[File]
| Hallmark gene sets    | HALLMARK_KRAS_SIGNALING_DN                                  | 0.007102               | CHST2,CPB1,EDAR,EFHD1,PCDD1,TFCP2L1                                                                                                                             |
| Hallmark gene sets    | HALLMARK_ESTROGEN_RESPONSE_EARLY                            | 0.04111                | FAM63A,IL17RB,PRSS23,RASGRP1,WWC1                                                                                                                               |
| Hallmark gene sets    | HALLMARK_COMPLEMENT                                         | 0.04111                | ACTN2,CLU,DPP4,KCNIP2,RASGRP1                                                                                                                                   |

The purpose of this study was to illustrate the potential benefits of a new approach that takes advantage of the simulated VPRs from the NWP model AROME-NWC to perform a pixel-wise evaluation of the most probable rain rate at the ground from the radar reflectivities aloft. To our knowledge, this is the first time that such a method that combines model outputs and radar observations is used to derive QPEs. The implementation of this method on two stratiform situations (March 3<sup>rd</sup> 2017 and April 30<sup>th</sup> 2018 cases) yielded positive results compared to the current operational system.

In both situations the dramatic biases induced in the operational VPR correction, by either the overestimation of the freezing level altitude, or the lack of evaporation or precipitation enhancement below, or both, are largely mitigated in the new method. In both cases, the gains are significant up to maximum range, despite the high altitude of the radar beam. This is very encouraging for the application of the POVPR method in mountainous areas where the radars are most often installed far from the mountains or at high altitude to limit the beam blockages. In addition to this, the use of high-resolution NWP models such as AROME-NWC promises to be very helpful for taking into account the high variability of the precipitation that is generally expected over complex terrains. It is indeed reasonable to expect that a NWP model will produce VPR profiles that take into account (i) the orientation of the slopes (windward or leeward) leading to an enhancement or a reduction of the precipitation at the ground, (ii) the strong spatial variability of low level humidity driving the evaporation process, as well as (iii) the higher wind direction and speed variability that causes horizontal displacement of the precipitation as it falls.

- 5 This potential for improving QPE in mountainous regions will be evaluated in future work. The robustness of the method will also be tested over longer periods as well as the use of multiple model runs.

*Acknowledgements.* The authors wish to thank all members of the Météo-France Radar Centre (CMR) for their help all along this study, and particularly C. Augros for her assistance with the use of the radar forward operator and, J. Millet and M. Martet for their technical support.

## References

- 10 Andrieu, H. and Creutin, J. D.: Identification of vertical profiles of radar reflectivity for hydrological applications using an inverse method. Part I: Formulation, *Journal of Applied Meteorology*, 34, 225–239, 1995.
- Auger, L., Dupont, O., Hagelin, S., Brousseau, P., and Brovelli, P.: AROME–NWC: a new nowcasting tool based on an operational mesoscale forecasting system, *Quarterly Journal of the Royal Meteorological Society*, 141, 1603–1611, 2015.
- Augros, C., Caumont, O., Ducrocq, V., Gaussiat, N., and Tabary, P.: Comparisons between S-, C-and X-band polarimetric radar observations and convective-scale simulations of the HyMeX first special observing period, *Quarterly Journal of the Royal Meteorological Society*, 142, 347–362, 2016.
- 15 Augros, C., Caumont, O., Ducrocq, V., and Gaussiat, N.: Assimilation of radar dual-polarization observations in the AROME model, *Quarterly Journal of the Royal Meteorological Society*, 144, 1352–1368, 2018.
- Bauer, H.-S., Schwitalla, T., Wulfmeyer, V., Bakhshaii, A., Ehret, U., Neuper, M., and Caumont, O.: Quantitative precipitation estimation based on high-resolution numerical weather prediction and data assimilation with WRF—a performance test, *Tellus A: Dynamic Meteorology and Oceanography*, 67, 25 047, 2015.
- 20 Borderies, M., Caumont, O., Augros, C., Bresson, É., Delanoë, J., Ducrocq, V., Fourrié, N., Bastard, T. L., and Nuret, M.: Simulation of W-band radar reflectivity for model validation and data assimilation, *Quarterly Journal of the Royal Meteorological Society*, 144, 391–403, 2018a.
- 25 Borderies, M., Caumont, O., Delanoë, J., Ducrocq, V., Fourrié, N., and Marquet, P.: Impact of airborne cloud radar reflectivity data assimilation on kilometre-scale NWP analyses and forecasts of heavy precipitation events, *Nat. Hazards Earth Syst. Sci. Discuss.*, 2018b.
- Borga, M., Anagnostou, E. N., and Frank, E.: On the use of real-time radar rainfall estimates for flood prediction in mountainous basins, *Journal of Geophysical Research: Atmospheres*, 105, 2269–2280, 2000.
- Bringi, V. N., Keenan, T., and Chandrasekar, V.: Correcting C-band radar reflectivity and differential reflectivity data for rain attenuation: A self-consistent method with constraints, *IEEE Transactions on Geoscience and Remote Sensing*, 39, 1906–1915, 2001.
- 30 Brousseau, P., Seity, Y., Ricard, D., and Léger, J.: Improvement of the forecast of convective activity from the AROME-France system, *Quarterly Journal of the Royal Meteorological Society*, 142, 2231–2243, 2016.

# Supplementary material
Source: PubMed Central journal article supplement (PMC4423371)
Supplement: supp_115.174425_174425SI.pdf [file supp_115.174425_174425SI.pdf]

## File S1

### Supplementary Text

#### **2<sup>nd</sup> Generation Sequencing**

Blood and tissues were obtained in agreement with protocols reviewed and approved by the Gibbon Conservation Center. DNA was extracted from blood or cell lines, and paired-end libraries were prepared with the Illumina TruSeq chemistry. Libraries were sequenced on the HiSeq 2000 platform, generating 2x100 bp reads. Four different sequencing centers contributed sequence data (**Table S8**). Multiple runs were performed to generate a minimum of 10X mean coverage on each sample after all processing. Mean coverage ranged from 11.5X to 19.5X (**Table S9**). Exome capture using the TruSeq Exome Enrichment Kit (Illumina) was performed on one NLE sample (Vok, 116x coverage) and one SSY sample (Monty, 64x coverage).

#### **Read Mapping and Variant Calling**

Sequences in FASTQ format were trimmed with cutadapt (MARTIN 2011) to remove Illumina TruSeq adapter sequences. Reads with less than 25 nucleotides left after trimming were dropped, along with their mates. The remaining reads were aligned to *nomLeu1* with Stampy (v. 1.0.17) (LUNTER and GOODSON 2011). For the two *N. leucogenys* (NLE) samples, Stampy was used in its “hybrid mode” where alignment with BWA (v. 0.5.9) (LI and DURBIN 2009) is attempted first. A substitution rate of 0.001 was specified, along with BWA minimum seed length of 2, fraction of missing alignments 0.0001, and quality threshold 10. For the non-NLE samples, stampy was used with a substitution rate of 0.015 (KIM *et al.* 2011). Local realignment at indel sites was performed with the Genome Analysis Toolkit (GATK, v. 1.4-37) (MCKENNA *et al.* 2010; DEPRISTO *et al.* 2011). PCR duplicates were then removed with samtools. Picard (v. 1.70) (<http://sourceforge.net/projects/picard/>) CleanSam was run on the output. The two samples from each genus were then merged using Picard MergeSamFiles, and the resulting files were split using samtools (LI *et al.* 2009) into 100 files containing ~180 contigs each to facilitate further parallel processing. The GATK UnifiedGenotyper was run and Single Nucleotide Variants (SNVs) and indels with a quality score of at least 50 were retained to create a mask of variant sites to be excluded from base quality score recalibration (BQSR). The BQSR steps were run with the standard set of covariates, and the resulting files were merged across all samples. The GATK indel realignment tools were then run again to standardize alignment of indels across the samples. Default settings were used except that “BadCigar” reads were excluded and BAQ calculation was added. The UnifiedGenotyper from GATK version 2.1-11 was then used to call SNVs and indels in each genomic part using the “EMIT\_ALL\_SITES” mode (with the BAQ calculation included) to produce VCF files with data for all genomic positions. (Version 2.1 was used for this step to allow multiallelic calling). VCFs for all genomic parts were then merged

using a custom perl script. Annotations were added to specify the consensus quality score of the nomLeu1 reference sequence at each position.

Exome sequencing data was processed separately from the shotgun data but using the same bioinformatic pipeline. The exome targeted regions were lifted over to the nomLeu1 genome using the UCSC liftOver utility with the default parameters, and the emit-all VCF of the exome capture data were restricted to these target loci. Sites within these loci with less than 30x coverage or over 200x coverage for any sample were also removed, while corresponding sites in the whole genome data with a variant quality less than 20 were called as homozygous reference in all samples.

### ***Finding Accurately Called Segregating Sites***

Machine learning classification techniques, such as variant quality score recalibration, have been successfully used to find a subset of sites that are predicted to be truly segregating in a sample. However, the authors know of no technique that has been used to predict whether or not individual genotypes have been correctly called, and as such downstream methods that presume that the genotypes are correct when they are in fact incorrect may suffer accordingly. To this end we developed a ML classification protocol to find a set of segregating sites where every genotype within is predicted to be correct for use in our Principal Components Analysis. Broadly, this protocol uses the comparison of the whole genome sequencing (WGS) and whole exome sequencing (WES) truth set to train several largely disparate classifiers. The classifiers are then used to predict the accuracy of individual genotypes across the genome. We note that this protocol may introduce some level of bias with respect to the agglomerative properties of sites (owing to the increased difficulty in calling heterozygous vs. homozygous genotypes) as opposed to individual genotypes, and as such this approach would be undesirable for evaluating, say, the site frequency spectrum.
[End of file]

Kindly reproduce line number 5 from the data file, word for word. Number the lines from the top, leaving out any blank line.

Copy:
In both situations the dramatic biases induced in the operational VPR correction, by either the overestimation of the freezing level altitude, or the lack of evaporation or precipitation enhancement below, or both, are largely mitigated in the new method. In both cases, the gains are significant up to maximum range, despite the high altitude of the radar beam. This is very encouraging for the application of the POVPR method in mountainous areas where the radars are most often installed far from the mountains or at high altitude to limit the beam blockages. In addition to this, the use of high-resolution NWP models such as AROME-NWC promises to be very helpful for taking into account the high variability of the precipitation that is generally expected over complex terrains. It is indeed reasonable to expect that a NWP model will produce VPR profiles that take into account (i) the orientation of the slopes (windward or leeward) leading to an enhancement or a reduction of the precipitation at the ground, (ii) the strong spatial variability of low level humidity driving the evaporation process, as well as (iii) the higher wind direction and speed variability that causes horizontal displacement of the precipitation as it falls.